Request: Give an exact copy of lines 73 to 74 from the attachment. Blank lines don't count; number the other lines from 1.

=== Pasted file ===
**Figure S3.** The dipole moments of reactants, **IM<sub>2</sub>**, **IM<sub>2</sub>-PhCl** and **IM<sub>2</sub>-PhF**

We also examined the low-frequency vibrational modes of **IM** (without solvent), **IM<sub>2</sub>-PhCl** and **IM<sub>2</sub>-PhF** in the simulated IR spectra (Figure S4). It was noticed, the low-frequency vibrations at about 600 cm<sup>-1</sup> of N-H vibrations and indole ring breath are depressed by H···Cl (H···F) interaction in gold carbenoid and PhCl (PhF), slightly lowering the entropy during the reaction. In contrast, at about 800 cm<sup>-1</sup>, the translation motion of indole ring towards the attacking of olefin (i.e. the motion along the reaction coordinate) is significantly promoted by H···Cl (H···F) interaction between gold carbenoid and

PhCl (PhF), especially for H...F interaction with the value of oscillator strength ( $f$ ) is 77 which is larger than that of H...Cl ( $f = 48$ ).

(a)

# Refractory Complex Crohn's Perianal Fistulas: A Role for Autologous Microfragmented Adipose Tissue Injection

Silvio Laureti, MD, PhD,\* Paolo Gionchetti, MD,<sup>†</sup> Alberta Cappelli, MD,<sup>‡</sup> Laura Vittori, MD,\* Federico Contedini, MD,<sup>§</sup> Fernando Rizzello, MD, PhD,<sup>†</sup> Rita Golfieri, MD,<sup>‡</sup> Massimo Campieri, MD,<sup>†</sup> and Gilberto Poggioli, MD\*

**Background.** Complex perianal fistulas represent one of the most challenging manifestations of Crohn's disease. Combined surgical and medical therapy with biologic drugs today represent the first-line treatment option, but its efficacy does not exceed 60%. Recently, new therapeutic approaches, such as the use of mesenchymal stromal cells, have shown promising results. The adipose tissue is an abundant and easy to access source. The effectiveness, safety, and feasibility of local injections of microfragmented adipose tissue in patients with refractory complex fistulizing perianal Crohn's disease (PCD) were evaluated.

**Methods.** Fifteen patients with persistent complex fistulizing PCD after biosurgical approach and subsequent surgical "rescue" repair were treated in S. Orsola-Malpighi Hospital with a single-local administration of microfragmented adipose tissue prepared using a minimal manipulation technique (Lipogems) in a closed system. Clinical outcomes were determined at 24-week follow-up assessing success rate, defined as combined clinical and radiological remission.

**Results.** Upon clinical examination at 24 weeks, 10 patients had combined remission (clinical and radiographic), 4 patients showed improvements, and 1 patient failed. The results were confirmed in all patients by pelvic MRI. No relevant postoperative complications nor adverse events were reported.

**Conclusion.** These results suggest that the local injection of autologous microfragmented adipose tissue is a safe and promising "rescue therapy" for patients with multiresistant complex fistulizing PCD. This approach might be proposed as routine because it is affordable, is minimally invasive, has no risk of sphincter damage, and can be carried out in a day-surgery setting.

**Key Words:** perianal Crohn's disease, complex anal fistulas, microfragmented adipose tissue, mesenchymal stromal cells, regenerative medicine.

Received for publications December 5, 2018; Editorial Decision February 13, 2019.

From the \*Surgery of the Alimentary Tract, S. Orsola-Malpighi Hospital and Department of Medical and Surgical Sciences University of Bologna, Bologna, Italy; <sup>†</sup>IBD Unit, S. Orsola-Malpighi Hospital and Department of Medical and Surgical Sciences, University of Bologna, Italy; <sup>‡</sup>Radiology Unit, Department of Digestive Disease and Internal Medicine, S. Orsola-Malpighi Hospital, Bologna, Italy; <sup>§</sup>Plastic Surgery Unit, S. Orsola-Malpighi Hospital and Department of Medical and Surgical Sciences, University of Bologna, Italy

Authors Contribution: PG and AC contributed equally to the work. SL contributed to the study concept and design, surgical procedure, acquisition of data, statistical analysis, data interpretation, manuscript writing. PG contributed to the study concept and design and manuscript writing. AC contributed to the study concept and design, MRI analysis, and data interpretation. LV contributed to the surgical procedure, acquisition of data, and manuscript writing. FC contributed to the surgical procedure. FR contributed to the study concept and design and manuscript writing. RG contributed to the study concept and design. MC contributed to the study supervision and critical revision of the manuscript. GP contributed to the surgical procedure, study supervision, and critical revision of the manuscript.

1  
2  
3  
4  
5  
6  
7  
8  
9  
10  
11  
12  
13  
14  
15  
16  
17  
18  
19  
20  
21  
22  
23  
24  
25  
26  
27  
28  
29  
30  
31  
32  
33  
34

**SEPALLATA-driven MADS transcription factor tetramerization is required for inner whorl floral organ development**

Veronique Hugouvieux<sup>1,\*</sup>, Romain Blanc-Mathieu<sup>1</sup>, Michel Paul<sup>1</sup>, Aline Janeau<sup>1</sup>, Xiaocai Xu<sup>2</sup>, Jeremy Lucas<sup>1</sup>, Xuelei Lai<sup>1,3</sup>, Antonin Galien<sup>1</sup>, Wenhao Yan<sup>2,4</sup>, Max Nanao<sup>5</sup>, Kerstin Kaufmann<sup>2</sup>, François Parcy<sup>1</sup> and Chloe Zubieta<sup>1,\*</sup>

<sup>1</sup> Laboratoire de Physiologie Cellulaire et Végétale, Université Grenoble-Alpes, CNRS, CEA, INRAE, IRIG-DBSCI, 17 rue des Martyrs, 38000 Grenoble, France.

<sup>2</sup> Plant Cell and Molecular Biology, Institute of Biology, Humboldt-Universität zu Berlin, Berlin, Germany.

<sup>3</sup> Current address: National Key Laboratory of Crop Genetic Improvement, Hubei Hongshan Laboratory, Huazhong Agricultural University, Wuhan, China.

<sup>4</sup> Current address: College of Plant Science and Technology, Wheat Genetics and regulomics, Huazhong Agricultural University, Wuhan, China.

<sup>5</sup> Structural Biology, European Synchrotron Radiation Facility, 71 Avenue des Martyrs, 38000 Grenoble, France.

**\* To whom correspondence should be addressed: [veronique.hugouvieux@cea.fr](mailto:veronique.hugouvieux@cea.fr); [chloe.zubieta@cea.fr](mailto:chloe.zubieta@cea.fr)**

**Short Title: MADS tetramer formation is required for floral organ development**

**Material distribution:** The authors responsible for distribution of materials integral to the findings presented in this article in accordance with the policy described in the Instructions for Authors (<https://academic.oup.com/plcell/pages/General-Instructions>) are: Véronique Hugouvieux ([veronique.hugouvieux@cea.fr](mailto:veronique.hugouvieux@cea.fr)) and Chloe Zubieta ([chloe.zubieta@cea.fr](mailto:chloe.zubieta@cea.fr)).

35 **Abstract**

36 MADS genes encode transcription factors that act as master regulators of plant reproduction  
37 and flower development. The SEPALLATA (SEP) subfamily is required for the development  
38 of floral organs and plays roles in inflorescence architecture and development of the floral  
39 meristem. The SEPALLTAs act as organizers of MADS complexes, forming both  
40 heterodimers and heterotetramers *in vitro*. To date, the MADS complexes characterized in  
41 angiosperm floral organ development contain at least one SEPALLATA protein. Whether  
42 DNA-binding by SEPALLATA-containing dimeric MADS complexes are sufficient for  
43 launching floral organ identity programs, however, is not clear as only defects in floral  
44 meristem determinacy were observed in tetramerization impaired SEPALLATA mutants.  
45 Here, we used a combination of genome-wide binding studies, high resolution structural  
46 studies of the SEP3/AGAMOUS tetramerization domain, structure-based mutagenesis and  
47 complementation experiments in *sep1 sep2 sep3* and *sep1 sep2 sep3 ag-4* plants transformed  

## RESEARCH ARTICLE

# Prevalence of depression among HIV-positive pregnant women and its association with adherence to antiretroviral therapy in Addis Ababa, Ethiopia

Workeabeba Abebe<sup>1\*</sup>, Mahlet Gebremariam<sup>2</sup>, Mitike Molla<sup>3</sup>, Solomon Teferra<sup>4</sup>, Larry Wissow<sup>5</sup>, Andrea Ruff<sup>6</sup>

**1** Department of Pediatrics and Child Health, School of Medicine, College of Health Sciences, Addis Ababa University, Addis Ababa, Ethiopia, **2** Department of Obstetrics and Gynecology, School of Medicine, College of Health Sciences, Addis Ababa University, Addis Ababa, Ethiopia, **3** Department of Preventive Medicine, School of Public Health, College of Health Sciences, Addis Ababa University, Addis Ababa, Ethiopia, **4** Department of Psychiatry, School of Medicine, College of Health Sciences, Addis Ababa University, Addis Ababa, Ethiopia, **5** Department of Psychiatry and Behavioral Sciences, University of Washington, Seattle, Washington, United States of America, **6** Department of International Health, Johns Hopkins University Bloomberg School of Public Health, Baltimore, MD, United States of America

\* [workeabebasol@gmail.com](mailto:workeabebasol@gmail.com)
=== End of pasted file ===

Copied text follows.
# Prevalence of depression among HIV-positive pregnant women and its association with adherence to antiretroviral therapy in Addis Ababa, Ethiopia

Workeabeba Abebe<sup>1\*</sup>, Mahlet Gebremariam<sup>2</sup>, Mitike Molla<sup>3</sup>, Solomon Teferra<sup>4</sup>, Larry Wissow<sup>5</sup>, Andrea Ruff<sup>6</sup>